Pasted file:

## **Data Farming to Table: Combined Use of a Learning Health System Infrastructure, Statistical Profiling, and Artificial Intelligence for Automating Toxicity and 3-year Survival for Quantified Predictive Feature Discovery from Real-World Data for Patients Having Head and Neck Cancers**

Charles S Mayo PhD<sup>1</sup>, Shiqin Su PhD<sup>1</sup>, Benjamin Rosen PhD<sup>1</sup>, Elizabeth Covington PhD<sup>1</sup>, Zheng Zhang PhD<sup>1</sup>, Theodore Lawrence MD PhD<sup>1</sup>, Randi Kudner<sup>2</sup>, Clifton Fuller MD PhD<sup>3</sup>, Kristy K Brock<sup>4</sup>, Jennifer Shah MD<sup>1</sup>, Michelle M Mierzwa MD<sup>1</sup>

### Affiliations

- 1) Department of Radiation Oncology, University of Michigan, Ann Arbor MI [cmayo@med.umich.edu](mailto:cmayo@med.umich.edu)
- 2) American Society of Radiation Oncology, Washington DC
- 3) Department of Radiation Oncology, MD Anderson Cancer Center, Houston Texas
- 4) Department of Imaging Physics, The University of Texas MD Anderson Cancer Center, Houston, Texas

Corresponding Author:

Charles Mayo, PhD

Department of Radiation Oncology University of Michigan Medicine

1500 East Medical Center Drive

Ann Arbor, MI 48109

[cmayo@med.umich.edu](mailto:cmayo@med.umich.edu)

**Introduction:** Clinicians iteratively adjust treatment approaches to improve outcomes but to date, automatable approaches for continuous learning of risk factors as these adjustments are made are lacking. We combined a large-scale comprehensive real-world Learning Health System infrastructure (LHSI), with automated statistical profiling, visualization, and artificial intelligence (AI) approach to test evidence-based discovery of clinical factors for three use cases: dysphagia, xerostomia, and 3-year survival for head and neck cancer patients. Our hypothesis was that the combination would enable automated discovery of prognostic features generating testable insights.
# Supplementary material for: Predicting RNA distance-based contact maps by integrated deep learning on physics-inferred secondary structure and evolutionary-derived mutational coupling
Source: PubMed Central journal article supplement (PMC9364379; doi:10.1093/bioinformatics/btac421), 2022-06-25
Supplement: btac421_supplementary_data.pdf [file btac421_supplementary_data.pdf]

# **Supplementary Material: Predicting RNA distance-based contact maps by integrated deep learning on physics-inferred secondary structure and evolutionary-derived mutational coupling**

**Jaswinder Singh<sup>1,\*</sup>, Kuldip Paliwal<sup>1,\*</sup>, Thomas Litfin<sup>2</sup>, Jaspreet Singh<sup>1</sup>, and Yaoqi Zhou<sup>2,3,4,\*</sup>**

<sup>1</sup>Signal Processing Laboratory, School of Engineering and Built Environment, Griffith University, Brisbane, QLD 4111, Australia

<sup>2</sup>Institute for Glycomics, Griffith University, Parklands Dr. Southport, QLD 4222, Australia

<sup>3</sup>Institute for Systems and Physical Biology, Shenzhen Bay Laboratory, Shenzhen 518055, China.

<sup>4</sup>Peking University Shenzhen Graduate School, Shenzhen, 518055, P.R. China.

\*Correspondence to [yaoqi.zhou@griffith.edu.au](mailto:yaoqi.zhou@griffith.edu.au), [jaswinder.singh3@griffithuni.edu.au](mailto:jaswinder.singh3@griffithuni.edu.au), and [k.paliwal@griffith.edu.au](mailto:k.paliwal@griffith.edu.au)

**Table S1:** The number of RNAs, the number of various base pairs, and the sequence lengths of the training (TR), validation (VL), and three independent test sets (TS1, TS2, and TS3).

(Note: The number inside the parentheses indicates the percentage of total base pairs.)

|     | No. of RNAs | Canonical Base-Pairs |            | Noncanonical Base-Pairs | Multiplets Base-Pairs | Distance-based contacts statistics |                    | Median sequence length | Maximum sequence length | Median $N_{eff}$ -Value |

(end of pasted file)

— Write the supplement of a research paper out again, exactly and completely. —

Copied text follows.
## **Data Farming to Table: Combined Use of a Learning Health System Infrastructure, Statistical Profiling, and Artificial Intelligence for Automating Toxicity and 3-year Survival for Quantified Predictive Feature Discovery from Real-World Data for Patients Having Head and Neck Cancers**

Charles S Mayo PhD<sup>1</sup>, Shiqin Su PhD<sup>1</sup>, Benjamin Rosen PhD<sup>1</sup>, Elizabeth Covington PhD<sup>1</sup>, Zheng Zhang PhD<sup>1</sup>, Theodore Lawrence MD PhD<sup>1</sup>, Randi Kudner<sup>2</sup>, Clifton Fuller MD PhD<sup>3</sup>, Kristy K Brock<sup>4</sup>, Jennifer Shah MD<sup>1</sup>, Michelle M Mierzwa MD<sup>1</sup>

### Affiliations

- 1) Department of Radiation Oncology, University of Michigan, Ann Arbor MI [cmayo@med.umich.edu](mailto:cmayo@med.umich.edu)
- 2) American Society of Radiation Oncology, Washington DC
- 3) Department of Radiation Oncology, MD Anderson Cancer Center, Houston Texas
- 4) Department of Imaging Physics, The University of Texas MD Anderson Cancer Center, Houston, Texas

Corresponding Author:

Charles Mayo, PhD

Department of Radiation Oncology University of Michigan Medicine

1500 East Medical Center Drive

Ann Arbor, MI 48109

[cmayo@med.umich.edu](mailto:cmayo@med.umich.edu)

**Introduction:** Clinicians iteratively adjust treatment approaches to improve outcomes but to date, automatable approaches for continuous learning of risk factors as these adjustments are made are lacking. We combined a large-scale comprehensive real-world Learning Health System infrastructure (LHSI), with automated statistical profiling, visualization, and artificial intelligence (AI) approach to test evidence-based discovery of clinical factors for three use cases: dysphagia, xerostomia, and 3-year survival for head and neck cancer patients. Our hypothesis was that the combination would enable automated discovery of prognostic features generating testable insights.
# Supplementary material for: Predicting RNA distance-based contact maps by integrated deep learning on physics-inferred secondary structure and evolutionary-derived mutational coupling
Source: PubMed Central journal article supplement (PMC9364379; doi:10.1093/bioinformatics/btac421), 2022-06-25
Supplement: btac421_supplementary_data.pdf [file btac421_supplementary_data.pdf]

# **Supplementary Material: Predicting RNA distance-based contact maps by integrated deep learning on physics-inferred secondary structure and evolutionary-derived mutational coupling**

**Jaswinder Singh<sup>1,\*</sup>, Kuldip Paliwal<sup>1,\*</sup>, Thomas Litfin<sup>2</sup>, Jaspreet Singh<sup>1</sup>, and Yaoqi Zhou<sup>2,3,4,\*</sup>**

<sup>1</sup>Signal Processing Laboratory, School of Engineering and Built Environment, Griffith University, Brisbane, QLD 4111, Australia

<sup>2</sup>Institute for Glycomics, Griffith University, Parklands Dr. Southport, QLD 4222, Australia

<sup>3</sup>Institute for Systems and Physical Biology, Shenzhen Bay Laboratory, Shenzhen 518055, China.

<sup>4</sup>Peking University Shenzhen Graduate School, Shenzhen, 518055, P.R. China.

\*Correspondence to [yaoqi.zhou@griffith.edu.au](mailto:yaoqi.zhou@griffith.edu.au), [jaswinder.singh3@griffithuni.edu.au](mailto:jaswinder.singh3@griffithuni.edu.au), and [k.paliwal@griffith.edu.au](mailto:k.paliwal@griffith.edu.au)

**Table S1:** The number of RNAs, the number of various base pairs, and the sequence lengths of the training (TR), validation (VL), and three independent test sets (TS1, TS2, and TS3).

(Note: The number inside the parentheses indicates the percentage of total base pairs.)

|     | No. of RNAs | Canonical Base-Pairs |            | Noncanonical Base-Pairs | Multiplets Base-Pairs | Distance-based contacts statistics |                    | Median sequence length | Maximum sequence length | Median $N_{eff}$ -Value |